possible in light of Fluid's commitment to reducing all aspects of 
development and configuration to transparent and declarative forms.

We finished by observing that in the case of use of "development 
courtesy" APIs we would need to be very vigilant. I suggested that even 
a single attested use of one of these APIs by a framework client should 
strongly motivate us to stabilise that function as part of the public API.

On 08/11/2010 16:35, Colin Clark wrote:
> Hey Antranig,
> Wow, quite an essay! I think that you actually summarize your point quite well with this snippet:
> On 2010-11-08, at 5:28 PM, Antranig Basman wrote:
>> i) Fluid has a known and acknowledged audience of "expert and/or desperate users" who would prefer to knowingly make the choice of trading functionality for stability in the case they need to deliver new user features in a hurry - that is, their development cycles are significantly faster than Fluid can make a framework release.
>> ii) Hiding functions in private scopes creates the risk of cut'n'paste code or even wholesale development of new approaches that can't be easily contributed back to the framework in future.
>> iii) Writing core functions as public "utilities" forces us to think more clearly about their contract and also constrains their range of side-effects which improves the quality of the codebase in any case.
> So, we're taking a different approach in Infusion, where we ensure that everything useful that we create is also available for our users to adapt and extend. This actually speaks to another issue touched on by Eli earlier in the thread--exposing functionality for testing. In reality, we've found that if a function needs to be made public in order to be unit tested, it's usually a sign that our users may also need that functionality in order to be able to fully customize or adapt the component. Our instinct to make something private is usually a sign of poor factoring, rather than a need to legitimately encapsulate it.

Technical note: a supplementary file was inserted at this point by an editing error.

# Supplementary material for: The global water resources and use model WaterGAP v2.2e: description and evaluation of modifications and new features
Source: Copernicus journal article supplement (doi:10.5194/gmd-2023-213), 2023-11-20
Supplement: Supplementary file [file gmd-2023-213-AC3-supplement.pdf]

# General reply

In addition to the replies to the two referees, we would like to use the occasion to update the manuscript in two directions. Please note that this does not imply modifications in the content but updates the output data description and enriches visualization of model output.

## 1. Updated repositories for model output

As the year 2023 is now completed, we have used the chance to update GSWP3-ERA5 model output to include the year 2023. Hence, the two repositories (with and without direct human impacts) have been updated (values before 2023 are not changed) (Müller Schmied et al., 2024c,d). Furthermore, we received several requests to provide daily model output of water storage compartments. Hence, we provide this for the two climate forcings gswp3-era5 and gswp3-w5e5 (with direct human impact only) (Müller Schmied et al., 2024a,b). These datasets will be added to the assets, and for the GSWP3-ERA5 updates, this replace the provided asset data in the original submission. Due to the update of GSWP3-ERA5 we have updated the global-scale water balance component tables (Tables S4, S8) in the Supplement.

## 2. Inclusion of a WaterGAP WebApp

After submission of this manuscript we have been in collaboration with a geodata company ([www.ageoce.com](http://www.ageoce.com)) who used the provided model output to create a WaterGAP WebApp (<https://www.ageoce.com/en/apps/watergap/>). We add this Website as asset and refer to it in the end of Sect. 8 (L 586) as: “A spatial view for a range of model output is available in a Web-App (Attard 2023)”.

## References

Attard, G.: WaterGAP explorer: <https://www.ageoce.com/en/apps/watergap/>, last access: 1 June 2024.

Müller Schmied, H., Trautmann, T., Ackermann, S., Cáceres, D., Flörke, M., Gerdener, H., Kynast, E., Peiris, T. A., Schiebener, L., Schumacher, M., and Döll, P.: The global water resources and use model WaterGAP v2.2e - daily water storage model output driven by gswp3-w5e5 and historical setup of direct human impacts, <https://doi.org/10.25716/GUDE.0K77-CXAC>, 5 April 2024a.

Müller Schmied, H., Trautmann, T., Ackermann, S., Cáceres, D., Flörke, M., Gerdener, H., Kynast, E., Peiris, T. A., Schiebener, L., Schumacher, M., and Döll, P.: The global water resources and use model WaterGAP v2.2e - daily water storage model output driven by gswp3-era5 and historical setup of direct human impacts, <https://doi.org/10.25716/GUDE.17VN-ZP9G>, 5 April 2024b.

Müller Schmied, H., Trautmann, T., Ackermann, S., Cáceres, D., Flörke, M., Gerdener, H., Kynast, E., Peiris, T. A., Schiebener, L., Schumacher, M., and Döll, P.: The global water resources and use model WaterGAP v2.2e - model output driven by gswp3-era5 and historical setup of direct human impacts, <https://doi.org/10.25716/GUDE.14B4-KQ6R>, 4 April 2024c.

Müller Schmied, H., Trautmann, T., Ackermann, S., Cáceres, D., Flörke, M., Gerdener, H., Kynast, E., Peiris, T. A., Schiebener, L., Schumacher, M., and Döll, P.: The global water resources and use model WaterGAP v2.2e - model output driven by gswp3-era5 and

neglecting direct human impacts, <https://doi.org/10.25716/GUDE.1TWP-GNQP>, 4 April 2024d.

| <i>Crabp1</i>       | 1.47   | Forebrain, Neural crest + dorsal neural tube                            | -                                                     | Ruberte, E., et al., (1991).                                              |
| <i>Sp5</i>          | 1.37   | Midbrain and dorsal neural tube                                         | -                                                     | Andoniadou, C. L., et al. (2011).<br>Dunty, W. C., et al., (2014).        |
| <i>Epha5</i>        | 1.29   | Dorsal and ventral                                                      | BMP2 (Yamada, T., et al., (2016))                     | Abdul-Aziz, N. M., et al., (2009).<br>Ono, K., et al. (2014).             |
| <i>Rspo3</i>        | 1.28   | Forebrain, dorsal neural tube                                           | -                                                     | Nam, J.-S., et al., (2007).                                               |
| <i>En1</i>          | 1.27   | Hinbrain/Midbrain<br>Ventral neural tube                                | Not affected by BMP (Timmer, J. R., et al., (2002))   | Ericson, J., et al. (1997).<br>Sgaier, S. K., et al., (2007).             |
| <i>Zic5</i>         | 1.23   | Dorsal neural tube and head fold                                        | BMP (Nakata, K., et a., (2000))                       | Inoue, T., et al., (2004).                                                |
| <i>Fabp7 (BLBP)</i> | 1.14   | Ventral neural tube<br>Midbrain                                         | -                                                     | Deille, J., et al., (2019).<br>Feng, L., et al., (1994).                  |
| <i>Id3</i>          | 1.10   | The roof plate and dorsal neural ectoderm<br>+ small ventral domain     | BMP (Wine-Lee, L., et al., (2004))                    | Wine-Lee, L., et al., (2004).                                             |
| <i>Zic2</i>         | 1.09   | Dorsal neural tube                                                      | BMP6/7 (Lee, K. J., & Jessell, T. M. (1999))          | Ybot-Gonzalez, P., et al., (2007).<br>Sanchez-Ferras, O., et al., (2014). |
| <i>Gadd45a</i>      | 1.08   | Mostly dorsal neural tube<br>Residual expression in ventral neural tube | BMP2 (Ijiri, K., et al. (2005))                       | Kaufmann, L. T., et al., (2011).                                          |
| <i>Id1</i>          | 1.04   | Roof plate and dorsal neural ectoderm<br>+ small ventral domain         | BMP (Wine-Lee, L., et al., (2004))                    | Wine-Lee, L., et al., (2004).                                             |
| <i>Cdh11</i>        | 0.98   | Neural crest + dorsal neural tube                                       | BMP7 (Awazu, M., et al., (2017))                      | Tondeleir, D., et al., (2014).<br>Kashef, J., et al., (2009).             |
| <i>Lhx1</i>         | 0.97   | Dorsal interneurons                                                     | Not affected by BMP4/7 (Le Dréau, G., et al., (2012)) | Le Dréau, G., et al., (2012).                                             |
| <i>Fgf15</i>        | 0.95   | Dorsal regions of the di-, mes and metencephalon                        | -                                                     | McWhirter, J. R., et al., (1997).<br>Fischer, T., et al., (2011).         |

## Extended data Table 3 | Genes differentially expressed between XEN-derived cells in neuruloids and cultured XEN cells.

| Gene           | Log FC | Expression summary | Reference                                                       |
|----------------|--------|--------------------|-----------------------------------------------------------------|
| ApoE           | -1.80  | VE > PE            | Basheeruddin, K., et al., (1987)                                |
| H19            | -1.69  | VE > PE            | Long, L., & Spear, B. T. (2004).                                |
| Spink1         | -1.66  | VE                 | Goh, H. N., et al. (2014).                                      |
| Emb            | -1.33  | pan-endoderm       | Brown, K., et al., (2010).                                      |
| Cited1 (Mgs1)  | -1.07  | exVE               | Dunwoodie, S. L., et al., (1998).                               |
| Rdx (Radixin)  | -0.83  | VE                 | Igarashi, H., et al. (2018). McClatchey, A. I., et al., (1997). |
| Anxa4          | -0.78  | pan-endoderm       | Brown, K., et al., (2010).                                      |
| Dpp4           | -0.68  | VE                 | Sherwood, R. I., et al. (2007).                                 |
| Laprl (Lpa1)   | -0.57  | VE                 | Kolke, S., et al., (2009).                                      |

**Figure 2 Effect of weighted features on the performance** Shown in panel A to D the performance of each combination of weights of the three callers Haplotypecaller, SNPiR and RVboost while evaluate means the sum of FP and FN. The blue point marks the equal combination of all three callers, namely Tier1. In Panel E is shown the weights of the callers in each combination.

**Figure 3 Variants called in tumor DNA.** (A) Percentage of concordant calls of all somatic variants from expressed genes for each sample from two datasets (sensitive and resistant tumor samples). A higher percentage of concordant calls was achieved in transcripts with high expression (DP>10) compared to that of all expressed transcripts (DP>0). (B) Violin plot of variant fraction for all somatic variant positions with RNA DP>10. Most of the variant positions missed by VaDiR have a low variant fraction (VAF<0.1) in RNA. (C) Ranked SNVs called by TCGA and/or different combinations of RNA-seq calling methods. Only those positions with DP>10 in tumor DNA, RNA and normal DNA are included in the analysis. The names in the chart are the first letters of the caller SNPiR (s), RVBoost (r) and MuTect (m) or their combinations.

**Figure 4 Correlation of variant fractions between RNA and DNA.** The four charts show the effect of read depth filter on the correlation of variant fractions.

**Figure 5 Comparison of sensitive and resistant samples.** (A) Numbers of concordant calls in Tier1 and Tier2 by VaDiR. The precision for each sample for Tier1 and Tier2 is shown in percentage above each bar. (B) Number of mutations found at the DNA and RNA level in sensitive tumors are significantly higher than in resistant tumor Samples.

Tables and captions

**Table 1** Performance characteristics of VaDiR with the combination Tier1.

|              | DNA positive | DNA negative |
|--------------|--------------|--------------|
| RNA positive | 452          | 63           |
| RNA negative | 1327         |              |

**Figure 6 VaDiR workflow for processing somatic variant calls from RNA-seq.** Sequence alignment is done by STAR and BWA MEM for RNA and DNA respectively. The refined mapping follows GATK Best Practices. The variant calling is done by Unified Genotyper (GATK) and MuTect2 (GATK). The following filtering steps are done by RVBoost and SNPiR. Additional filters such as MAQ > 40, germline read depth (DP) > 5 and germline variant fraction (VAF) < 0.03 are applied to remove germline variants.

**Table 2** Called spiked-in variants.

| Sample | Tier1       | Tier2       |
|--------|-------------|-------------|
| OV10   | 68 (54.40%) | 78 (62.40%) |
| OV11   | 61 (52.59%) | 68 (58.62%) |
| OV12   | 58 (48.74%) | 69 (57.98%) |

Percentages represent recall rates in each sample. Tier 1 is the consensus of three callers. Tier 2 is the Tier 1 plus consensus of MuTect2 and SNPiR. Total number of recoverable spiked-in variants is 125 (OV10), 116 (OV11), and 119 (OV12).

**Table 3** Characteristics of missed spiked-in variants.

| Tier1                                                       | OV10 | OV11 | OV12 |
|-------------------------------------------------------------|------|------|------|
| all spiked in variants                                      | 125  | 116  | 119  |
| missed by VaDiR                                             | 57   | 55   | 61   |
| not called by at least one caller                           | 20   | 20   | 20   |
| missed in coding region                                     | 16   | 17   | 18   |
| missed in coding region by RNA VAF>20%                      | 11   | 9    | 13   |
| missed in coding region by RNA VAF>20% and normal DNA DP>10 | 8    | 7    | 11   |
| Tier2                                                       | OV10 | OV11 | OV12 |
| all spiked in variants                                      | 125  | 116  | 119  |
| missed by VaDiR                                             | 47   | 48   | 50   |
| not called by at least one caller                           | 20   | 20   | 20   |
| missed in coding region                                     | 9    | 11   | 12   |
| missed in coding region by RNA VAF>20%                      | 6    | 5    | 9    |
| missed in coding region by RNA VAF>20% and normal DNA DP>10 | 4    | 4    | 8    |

> This approach puts a burden on us to think deeply about the contract and API of all our public functions, and means we have to do a better job of communicating which functions are in progress or subject to change in future versions.
> I think we already have a tool for how to handle this sort of thing: our component status levels. In particular, the "Sneak Peek" status gives users an opportunity to work with new features early, yet clearly identifies APIs that are likely to change in the future. Perhaps we want to augment this by labelling certain functions as sneak peek and not providing detailed documentation for them at all. I'd suggest that developers can simply label such functions in the source code like this:
> /**
>   * This function has a status of sneak peek and is subject to change. As a result, it is currently undocumented.
>   */
> A comment like this should provide both our users and "the poor documentation sod," as Anastasia hilariously put it, with enough information to use bleeding-edge APIs wisely.
> This brings us to Michelle's point: we need to compile a list of all the functions in Infusion 1.3 that are "sneak peek," as well as an accompanying list of all functions that we'd prefer to leave undocumented. Antranig, since you raised this issue originally, can you start us off by compiling a list of the functions you're aware of that are currently in this category?
> Colin
> ---
> Colin Clark
> Technical Lead, Fluid Project